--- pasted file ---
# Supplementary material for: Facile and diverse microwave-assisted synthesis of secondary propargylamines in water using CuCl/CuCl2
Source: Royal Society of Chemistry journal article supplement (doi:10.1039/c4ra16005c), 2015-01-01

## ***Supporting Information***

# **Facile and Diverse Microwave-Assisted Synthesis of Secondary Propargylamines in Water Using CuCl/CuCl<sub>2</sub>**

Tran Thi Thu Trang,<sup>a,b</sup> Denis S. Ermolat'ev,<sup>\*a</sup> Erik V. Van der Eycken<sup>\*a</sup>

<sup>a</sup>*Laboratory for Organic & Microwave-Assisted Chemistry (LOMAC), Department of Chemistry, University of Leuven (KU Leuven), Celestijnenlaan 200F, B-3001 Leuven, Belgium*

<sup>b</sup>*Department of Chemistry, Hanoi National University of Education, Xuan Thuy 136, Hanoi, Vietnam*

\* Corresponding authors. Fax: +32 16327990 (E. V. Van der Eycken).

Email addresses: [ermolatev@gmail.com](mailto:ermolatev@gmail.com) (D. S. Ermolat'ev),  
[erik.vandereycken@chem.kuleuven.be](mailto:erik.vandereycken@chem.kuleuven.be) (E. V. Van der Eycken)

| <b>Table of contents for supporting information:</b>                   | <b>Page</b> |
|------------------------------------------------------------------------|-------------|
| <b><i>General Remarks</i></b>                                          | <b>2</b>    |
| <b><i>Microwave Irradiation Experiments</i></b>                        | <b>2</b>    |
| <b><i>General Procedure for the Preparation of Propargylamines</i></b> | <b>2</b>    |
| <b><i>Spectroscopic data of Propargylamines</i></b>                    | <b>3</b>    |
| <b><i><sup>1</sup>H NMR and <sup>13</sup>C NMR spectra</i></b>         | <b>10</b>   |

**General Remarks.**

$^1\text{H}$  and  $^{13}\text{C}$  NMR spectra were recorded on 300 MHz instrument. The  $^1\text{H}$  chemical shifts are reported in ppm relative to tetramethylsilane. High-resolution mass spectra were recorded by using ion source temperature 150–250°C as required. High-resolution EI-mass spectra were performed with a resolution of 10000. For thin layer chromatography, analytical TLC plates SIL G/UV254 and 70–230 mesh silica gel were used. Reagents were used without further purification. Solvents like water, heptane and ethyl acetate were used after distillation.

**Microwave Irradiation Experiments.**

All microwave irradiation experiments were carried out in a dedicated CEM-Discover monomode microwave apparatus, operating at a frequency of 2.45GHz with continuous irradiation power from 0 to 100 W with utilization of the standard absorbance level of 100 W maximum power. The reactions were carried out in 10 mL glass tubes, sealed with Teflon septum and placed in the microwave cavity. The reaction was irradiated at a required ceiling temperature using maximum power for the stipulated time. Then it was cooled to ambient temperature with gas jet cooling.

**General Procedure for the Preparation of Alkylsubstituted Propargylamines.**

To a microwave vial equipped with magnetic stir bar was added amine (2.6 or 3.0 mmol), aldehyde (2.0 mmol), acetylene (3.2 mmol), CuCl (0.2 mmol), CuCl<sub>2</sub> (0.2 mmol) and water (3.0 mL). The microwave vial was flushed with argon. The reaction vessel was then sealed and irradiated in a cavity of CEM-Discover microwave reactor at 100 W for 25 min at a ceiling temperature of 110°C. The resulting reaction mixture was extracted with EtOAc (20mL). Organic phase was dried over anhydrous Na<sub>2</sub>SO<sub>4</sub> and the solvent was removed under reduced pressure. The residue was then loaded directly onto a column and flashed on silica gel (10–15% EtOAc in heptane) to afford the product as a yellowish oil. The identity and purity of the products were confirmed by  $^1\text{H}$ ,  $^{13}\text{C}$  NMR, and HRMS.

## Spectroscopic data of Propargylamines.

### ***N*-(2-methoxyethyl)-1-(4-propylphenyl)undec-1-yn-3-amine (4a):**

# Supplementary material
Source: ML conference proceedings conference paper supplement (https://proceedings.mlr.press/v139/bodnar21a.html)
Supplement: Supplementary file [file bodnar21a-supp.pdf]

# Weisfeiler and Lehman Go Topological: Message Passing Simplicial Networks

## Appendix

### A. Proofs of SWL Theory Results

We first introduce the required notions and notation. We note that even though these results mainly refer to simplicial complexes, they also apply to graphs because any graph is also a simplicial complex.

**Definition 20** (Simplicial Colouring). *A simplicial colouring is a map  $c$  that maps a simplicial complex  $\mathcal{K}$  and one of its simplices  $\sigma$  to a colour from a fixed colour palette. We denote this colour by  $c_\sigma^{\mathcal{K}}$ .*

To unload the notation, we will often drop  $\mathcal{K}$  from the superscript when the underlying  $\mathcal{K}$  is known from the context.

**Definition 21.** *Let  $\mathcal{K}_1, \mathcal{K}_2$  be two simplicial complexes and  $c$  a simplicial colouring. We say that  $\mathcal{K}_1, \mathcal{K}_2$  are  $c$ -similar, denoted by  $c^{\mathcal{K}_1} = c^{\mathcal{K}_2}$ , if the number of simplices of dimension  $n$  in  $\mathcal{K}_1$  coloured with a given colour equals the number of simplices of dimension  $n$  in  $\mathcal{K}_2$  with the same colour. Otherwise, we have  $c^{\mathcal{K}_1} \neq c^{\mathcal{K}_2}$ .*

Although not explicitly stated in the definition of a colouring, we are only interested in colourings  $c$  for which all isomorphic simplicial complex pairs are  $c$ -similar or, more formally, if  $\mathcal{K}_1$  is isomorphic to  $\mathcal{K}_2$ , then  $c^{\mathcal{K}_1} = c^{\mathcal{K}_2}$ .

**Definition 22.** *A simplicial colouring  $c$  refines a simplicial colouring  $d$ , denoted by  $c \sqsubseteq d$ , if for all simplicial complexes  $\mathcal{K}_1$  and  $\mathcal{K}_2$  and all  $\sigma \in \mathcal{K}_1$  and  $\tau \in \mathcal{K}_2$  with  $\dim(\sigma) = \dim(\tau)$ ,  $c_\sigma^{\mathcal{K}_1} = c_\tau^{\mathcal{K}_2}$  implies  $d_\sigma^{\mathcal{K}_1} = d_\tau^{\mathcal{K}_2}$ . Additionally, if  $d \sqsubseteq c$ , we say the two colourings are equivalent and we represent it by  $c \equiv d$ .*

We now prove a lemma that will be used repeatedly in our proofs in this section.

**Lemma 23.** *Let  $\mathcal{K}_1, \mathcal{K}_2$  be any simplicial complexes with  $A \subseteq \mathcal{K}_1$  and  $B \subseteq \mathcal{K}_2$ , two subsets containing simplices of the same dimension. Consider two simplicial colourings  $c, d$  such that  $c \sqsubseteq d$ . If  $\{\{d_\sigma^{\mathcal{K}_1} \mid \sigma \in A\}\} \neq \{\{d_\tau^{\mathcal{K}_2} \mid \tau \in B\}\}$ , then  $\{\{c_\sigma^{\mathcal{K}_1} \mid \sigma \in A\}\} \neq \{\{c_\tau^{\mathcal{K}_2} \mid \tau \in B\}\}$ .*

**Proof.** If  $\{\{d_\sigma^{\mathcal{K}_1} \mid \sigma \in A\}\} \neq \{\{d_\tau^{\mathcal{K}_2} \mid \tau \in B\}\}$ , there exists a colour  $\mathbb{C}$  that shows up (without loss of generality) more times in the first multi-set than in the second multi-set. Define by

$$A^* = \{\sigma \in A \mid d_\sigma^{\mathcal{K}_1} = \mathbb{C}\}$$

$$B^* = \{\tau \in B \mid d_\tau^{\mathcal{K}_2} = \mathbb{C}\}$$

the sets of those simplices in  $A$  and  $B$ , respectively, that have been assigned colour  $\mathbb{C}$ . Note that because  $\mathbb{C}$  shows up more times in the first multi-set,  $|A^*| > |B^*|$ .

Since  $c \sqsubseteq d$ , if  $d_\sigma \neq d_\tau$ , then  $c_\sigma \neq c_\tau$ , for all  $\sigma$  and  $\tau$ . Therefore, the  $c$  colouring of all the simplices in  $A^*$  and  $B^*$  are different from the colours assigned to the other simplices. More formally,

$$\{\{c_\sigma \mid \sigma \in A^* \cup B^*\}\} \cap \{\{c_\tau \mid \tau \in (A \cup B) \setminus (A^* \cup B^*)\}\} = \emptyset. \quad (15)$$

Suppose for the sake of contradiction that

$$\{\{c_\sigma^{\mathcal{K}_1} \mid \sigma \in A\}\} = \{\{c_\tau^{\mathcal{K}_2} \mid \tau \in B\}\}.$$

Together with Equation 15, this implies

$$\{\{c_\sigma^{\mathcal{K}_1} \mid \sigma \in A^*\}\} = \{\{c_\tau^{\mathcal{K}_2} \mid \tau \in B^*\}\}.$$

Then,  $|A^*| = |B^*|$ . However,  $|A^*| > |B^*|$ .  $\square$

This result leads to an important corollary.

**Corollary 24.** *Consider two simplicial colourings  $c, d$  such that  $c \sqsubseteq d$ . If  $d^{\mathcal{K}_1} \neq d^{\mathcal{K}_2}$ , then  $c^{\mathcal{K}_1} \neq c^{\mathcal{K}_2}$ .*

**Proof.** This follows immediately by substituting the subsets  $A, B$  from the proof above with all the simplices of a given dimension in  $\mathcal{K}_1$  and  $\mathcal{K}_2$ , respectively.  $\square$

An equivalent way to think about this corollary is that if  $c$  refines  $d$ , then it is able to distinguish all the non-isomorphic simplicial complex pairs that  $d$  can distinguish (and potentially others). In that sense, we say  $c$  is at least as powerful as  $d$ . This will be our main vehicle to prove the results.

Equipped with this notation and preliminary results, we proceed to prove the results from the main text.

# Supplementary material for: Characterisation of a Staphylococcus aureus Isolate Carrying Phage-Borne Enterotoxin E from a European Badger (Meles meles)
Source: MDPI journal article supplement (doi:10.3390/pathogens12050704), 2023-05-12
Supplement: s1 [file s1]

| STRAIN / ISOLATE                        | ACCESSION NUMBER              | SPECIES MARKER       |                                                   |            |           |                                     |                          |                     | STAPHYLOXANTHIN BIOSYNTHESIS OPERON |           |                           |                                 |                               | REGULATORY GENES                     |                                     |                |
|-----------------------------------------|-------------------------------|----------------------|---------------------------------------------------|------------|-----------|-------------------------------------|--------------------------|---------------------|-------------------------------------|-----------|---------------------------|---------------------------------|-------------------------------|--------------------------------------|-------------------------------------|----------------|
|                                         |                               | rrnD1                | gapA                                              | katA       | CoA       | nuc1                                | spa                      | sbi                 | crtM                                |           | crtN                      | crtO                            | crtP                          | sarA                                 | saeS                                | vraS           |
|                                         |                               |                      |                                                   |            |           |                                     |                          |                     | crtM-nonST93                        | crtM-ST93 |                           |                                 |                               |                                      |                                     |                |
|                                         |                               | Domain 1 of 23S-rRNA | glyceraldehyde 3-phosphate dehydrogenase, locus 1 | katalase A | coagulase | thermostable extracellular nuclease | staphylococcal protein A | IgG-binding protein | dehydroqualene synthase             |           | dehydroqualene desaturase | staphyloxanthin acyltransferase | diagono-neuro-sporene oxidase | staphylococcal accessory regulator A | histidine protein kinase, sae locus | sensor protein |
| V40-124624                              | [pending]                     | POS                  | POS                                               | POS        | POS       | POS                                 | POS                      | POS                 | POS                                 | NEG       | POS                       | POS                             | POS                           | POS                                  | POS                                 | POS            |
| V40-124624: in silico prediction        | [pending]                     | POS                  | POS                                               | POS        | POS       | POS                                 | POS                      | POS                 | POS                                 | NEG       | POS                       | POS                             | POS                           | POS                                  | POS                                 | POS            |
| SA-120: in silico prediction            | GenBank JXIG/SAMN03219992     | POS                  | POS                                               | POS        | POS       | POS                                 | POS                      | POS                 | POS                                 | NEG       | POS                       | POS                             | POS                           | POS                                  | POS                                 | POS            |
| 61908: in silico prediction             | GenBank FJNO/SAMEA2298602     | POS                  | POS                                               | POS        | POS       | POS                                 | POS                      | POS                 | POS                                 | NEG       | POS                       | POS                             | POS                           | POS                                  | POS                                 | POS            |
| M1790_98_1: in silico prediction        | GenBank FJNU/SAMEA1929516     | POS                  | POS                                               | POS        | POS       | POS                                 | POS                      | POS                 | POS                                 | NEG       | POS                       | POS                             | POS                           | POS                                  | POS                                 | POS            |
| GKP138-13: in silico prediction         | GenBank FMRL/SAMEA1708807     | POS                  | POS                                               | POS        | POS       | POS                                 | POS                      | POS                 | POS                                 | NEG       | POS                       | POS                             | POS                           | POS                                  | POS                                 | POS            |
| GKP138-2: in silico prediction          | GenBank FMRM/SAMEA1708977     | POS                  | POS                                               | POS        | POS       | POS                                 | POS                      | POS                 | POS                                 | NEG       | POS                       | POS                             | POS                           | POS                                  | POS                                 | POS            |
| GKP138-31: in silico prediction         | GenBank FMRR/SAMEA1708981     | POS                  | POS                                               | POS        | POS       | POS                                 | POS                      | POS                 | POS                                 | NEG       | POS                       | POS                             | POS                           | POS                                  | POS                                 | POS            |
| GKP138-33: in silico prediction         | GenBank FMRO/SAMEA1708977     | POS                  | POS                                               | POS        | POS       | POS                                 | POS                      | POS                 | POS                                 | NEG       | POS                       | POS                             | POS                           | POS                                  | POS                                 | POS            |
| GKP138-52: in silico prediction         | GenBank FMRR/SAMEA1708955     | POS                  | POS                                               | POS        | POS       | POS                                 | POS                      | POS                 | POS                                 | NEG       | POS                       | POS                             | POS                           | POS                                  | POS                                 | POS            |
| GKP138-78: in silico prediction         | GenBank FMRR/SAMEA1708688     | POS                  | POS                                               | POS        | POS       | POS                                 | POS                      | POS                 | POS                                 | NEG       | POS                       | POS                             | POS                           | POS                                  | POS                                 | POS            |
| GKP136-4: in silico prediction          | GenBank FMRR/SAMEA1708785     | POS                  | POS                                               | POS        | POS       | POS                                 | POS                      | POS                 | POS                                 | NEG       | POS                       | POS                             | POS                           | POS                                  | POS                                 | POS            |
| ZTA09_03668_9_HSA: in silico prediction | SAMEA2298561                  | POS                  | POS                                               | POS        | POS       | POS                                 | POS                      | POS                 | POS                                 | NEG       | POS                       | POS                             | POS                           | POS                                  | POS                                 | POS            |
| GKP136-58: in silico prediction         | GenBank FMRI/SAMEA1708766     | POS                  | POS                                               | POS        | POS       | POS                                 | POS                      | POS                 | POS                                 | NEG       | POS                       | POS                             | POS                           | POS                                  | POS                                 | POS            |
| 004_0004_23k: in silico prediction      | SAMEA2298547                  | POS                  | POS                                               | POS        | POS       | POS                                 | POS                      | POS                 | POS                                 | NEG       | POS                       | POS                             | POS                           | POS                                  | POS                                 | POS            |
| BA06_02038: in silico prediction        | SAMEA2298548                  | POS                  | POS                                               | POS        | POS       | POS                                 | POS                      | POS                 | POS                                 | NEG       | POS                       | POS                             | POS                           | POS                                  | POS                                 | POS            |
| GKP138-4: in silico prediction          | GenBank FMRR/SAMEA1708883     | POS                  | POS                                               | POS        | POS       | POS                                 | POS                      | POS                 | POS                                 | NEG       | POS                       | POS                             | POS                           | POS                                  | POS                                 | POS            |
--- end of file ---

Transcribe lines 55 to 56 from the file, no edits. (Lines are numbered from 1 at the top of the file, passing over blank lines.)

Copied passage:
Equipped with this notation and preliminary results, we proceed to prove the results from the main text.

# Supplementary material for: Characterisation of a Staphylococcus aureus Isolate Carrying Phage-Borne Enterotoxin E from a European Badger (Meles meles)